By ALPHONSE BARIASI
A remote community in Madang Province has renewed claims that a promise made to them by an Australian salvage team that took a war time aircraft from their area in 1994, was never fulfilled.
A village spokesman said this week in Port Moresby that the salvage team left with an undertaking to return and build new classrooms and other buildings at the Keram community school.
But the Royal Australian Air Force, through the Australian High Commission in Port Moresby, has denied there had been any promise made the Bumbera community, situated along the Keram River in the Middle Ramu District.
A response from the Australian Defence Department through the High Commission in Port Moresby stated: "The Department of Defence confirms that it successfully salvaged a 'Boston' bomber aircraft from the Bumbera Village area in 1994.
The Department of Defence remains grateful to the Bumbera villagers who assisted with locating and recovering the aircraft. The Department of Defence confirms that no promises of compensation were made at any time to the villagers or local landowners for their assistance."
Following a number of previous attempts, the Bumbera villagers raised the matter again after hearing news that an American war time aircraft, the "Swam Ghost" was recently salvaged from Oro Province and a payment of US$100,000 made for it.
The Australian aircraft, a Boston bomber crashed into a swamp within walking distance from the Bumbera village during WWII. The pilot and co-pilot escaped and were hidden by the local people and brought to the safety of their base at Annaberg on the Ramu River.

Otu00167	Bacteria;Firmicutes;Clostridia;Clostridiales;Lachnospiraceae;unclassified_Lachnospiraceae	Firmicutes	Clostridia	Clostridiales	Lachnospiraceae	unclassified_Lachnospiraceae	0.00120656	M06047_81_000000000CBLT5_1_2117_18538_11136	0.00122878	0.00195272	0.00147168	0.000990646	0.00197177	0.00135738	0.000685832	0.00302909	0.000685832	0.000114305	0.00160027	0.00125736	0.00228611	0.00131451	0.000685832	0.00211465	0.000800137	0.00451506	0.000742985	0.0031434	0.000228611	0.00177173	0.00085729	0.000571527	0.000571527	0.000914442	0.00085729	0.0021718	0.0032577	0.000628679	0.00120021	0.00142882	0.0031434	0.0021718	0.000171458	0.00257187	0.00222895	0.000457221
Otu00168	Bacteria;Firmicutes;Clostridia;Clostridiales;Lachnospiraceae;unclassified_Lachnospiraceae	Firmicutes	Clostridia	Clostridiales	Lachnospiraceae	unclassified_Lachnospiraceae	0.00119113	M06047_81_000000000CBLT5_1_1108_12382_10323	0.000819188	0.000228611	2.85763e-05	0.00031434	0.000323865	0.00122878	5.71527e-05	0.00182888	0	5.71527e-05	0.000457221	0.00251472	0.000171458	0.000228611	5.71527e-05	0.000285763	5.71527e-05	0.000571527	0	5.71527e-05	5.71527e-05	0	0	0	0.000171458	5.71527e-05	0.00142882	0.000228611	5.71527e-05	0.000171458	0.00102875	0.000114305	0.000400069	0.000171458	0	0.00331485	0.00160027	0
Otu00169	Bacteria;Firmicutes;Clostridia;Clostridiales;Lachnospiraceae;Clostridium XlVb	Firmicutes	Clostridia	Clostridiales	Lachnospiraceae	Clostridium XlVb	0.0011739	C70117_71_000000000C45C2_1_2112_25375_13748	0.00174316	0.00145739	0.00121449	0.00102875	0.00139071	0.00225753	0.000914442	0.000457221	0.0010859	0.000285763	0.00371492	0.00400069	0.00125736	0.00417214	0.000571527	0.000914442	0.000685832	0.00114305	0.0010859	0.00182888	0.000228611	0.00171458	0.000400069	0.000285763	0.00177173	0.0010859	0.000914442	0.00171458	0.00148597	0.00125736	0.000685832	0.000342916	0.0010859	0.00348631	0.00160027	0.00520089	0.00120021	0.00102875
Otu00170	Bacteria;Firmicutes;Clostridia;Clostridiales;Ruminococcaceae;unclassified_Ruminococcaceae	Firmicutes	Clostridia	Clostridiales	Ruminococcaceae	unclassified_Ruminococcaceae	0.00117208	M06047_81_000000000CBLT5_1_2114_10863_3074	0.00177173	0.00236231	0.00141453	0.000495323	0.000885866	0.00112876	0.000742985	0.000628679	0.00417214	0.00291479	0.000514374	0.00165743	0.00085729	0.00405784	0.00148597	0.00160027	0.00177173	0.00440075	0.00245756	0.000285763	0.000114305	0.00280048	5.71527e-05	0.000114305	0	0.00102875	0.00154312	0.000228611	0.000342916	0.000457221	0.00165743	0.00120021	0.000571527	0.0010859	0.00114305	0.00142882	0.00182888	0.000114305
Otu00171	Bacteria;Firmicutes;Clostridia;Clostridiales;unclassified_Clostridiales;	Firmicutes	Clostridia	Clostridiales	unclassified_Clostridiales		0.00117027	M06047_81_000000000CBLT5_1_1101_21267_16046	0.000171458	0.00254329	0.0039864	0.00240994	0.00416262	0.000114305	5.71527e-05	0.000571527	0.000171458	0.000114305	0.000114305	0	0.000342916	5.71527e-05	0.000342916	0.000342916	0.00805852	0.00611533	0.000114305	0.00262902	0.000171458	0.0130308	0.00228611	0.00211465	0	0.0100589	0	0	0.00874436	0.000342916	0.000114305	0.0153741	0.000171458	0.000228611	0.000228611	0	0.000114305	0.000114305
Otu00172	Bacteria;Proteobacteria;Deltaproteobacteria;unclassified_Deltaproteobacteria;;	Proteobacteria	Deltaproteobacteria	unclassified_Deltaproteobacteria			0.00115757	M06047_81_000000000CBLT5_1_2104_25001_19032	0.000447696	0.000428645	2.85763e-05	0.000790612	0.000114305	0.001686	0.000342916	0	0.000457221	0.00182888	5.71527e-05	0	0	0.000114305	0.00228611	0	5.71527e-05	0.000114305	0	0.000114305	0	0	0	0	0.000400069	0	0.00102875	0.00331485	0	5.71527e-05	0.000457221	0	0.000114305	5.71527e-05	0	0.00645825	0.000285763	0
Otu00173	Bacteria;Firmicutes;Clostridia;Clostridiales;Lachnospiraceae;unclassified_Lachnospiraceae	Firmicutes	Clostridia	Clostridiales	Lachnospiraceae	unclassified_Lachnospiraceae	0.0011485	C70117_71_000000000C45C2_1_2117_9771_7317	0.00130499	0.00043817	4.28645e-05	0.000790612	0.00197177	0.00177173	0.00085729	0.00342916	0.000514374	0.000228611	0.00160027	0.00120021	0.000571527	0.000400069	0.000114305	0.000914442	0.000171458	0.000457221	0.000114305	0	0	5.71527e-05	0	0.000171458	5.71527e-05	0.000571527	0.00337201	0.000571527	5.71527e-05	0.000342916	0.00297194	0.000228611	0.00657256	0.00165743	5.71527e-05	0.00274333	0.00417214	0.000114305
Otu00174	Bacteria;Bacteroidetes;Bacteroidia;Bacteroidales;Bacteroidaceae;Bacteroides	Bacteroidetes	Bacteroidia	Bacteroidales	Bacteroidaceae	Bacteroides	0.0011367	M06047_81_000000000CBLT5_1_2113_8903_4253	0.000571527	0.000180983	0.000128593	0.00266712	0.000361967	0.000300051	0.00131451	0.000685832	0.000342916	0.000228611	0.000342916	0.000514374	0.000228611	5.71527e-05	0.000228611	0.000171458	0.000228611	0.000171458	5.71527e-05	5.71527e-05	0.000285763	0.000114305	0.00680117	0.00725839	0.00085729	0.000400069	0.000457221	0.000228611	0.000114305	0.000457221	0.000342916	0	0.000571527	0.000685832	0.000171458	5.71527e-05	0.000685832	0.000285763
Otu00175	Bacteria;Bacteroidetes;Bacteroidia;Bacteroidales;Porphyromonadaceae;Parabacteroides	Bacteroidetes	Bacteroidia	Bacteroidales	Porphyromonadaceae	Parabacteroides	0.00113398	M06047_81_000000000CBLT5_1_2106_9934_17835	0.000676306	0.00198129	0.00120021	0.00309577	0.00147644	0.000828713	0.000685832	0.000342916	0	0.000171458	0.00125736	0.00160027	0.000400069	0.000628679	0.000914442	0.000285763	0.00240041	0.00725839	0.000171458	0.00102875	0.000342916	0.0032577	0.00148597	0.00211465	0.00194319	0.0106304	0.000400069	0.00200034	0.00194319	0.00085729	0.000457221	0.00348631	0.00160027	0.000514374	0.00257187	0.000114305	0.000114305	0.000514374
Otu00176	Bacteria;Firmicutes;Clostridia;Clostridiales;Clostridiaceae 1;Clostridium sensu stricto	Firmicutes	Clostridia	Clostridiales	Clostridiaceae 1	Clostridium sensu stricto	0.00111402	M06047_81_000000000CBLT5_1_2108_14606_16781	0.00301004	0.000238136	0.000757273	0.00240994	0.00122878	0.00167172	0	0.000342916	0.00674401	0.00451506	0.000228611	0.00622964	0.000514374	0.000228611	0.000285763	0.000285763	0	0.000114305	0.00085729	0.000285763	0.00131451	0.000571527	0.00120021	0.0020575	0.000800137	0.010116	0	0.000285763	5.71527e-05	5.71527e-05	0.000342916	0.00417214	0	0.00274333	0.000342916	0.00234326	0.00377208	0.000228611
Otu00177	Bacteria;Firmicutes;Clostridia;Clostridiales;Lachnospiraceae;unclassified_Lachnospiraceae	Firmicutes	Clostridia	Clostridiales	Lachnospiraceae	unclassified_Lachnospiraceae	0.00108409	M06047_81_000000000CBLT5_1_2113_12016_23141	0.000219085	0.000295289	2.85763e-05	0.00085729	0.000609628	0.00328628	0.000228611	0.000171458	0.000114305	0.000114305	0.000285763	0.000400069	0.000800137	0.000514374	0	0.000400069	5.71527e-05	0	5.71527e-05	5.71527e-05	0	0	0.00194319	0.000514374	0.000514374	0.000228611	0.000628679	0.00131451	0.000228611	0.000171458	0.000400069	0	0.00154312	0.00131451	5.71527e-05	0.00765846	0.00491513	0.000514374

According to village spokesman Emmanuel Kenamb, who got the story from village elders, the enemy was some distance downstream on the Keram and saw the aircraft going down and went searching for it and its occupants.
During interrogation, a number of locals were killed by the Japanese because of their reluctance to provide information but more so out of frustration because of the language barrier, Mr Kenamb said.
Mr Kenamb said the Australian Air Force team, led by Wing Commander Bill Ivory took the aircraft in 1994 with the help of young men from the village.
When the aircraft was floated, its engine oils and fuel were drained into the swamp polluting the water.
"The pollution and the amount of clearing up work done destroyed the important crocodile hunting ground," Mr Kenamb said.
He noted also that the aircraft was lifted out on a Sunday when the locals were in church. It would have been a better, although sentimental send-off if the villagers were there because the aircraft had been with them and became part of their history, Mr Kenamb said.
The aircraft has since been restored and is now in the Amberlie Air Base outside Brisbane, Australia. It will be shipped back to PNG and placed in a soon-to-be built modern history museum in Port Moresby.
Mr Kenamb was adamant that there was a promise made, contrary to a denial from the RAAF.
Under the War Surplus Materials Act, all relics are the property of the Independent State of Papua New Guinea.
People seeking compensation for safeguarding or salvaging surplus war materials, including aircraft, will have to register their claims to the State through the National Museum and Art Gallery.